Homesteading / Gardening Warmth / Shelter / Cooling

How to Stay Cool Homesteading During the Relentless Summer Heat

Life on a homestead is challenging year-round. Families who live off-grid must rely on firewood, generators and other alternate methods of heat to stay warm during the winter. However, staying cool during the summer can be even more challenging. How do you handle temperatures of 90 F and above without air conditioning?

The human body is meant to operate at a temperature of 98.6 F. Internal illness can raise your body temperature and give you a fever. However, external temperatures can also upset this natural equilibrium and make you sick. If you don’t have access to artificial cooling, you need to take the dangers of heat seriously.

Hot temperatures raise your risk for sunburn. However, people who spend too much time in the sun can also come down with sun poisoning. Symptoms include fever and chills, dizziness and a headache, in addition to a bad sunburn. Dehydration due to heat will make you feel sick and affect your ability to think clearly.

Every homestead is different, but there are several basic principles every homesteader can follow to protect themselves over the summer. Ideas range from property improvements to thoughtful personal care. Whatever strategies you adopt for your homestead, ensure you plan how to handle the heat before it arrives.

1.   Use Passive Design

Keeping the inside of your home cool during the summer will make it much easier to handle high temperatures outside. Thankfully, this is fairly easy if you follow passive design principles. Passive design works with the surrounding climate to keep your home cool in the summer and warm in the winter. It starts with understanding how your house responds to its environment.

Think of your home as part of a temperature system. When heat is added to air molecules, they use that additional energy to expand. That’s why hot air rises and a fireplace can warm up a cold room. You can leave doors and windows closed during the hot part of the day to keep hot air out. If you have to go outside, use a door that opens in the shade.

You can also use breezes to move hot, humid air out of your home. To do this, open two windows on opposite sides of the house. One of them should be facing a natural breeze outside. These open windows will create a cross breeze that cools your homestead. Some homesteaders will blow a fan out of one of these windows to create a low-pressure system that draws fresh air inside.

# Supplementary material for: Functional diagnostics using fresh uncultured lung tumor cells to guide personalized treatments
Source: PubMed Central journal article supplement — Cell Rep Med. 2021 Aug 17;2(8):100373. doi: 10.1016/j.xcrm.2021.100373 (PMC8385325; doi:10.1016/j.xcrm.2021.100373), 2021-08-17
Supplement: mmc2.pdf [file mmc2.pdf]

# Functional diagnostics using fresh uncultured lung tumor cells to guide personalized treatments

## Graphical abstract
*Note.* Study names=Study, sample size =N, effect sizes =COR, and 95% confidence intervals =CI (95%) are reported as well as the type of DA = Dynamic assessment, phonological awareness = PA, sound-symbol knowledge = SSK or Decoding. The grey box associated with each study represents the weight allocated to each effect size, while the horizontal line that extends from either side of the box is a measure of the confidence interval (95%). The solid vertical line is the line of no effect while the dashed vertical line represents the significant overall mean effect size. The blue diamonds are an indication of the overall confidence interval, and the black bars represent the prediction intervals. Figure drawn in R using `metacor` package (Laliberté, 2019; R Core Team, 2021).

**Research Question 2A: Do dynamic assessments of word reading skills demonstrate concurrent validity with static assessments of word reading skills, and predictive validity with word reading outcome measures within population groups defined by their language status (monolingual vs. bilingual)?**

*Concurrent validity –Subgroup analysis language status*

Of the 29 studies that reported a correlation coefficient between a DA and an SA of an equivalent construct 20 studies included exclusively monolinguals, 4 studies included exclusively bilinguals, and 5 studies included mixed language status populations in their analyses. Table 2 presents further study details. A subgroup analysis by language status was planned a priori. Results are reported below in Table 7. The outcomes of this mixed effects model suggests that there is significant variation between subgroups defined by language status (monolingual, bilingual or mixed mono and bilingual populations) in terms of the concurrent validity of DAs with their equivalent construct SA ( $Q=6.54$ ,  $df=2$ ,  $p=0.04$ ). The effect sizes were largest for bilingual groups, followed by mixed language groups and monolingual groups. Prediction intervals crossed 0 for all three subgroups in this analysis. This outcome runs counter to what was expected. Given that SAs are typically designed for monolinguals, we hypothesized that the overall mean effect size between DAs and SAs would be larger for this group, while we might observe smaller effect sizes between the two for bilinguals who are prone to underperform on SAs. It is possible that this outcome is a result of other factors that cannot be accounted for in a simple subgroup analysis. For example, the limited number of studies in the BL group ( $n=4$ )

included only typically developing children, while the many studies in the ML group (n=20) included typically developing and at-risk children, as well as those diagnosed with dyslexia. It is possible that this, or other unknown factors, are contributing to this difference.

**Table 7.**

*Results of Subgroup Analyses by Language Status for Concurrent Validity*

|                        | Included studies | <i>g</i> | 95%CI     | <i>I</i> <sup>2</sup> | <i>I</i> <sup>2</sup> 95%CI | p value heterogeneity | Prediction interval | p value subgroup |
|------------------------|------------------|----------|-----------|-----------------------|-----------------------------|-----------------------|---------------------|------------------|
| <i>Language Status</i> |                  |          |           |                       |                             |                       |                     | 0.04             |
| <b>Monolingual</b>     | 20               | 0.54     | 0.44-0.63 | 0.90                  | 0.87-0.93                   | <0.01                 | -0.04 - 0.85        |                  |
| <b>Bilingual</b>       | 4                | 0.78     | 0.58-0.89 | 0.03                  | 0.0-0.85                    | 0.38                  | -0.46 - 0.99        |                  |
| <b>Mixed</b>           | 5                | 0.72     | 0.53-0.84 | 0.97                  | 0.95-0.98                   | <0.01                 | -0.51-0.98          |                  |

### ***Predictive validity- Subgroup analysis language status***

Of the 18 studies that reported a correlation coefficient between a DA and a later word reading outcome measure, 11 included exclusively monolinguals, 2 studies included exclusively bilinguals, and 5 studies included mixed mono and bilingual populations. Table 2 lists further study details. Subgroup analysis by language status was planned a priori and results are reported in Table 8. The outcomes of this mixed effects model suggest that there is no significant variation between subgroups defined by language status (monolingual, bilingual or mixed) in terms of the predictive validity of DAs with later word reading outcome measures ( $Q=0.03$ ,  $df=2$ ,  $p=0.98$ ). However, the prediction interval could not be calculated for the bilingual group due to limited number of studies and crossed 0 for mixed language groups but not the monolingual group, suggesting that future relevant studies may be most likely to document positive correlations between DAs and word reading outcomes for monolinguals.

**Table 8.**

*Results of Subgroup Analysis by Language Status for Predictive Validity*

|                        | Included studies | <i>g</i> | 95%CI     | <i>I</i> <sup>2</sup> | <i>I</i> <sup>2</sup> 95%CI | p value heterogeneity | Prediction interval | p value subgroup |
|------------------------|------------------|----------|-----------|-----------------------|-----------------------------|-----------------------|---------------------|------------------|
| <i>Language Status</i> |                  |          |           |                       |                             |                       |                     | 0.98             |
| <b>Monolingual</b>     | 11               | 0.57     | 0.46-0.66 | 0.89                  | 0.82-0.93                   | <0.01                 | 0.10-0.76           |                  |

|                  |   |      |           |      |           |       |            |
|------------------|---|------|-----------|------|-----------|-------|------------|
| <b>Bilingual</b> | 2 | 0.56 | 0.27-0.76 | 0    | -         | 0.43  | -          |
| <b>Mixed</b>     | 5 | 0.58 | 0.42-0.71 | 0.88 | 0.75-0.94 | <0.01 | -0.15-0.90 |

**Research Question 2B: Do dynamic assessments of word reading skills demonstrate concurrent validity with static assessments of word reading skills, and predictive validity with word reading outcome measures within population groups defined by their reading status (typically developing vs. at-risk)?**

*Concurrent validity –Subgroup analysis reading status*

You should also consider the role of the sun in heating your home. Keeping the blinds drawn in the morning will help cool your home by blocking slanting sunlight from coming inside. Shading windows and doorways can also help. Many homesteaders plant trees on the east and west of their homes to block heat from the sun as it rises and sets. 

Another feature of passive design is good insulation. Homes with a tight envelope will resist heating up in the summer and be warmer in the winter. Of course, they will still need ventilation. However, you can let air circulate during the early morning and late evening when outdoor temperatures are naturally cooler.

2.   Rethink Your Chores

You must do chores every day regardless of the weather if you live on a working farm. However, you can protect yourself from overheating by adjusting your schedule to suit the season. Many homesteaders rise early so they can finish essential work before the sun gets too high. You may have extra things to do to keep your animals safe and cool.

During midday, it’s best to stay inside and out of the sun. You can do computer work, eat lunch and take some time to rest. Before air conditioning, many cultures took a mandatory siesta at this time of day to avoid the heat and recharge for evening activities. You can finish outdoor chores before bedtime when the sun gets low again.

You may have noticed that livestock also follow this pattern. Animals are busy in the morning and evening but rest in the shade during the afternoon. Although you can work through this time, the heat will drain your energy quickly and reduce your productivity. It’s much more effective to allow natural rhythms to shape your schedule.

Cooking can also pose a challenge when temperatures are high. It was historically done in a separate building to prevent heating up the entire home in the summer. You can follow this example and cook outside with a grill, sun oven or fire pit. Some homesteaders even build a small kitchen or put a tent over the area to provide shade.

Indoor appliances heat your home’s temperature. Some homesteaders don’t use electricity at all, while others use solar power or generators to run a few essential pieces of equipment. On really hot days, it’s a good idea to avoid using large appliances like washing machines and dryers.

3.   Invest in Air Conditioning

Some homesteaders cool their homes by putting a bowl of ice in front of a fan system. As the water melts, it supplies the fan with cool air to send throughout the house. However, if summers are unbearably hot where you live, it may be worthwhile to invest in an AC unit. There’s no reason that living off-grid has to be miserable.

AC units present two problems for homesteaders. The first is how to power it, and the second is how to fund it. Powering an AC unit off-grid is easier than you may think. You can set up a sustainable energy source like a solar panel system or invest in a generator that runs on fuel. Either way, you’ll need extra juice to run it overnight.

A battery storage system will help you keep cool overnight if you rely on solar power or another form of sustainable energy. Some generators will pair with one because they run on solar energy. However, other off-grid generators run on propane or gasoline. Some allow you to switch between different types of fuel.

Installing an AC unit can be expensive, but you can get one on a budget. You can significantly reduce the overall cost if you’re willing to do the installation work yourself. There are often detailed instructions online for installation. You can also find YouTube tutorials by other homesteaders who have made the same decision.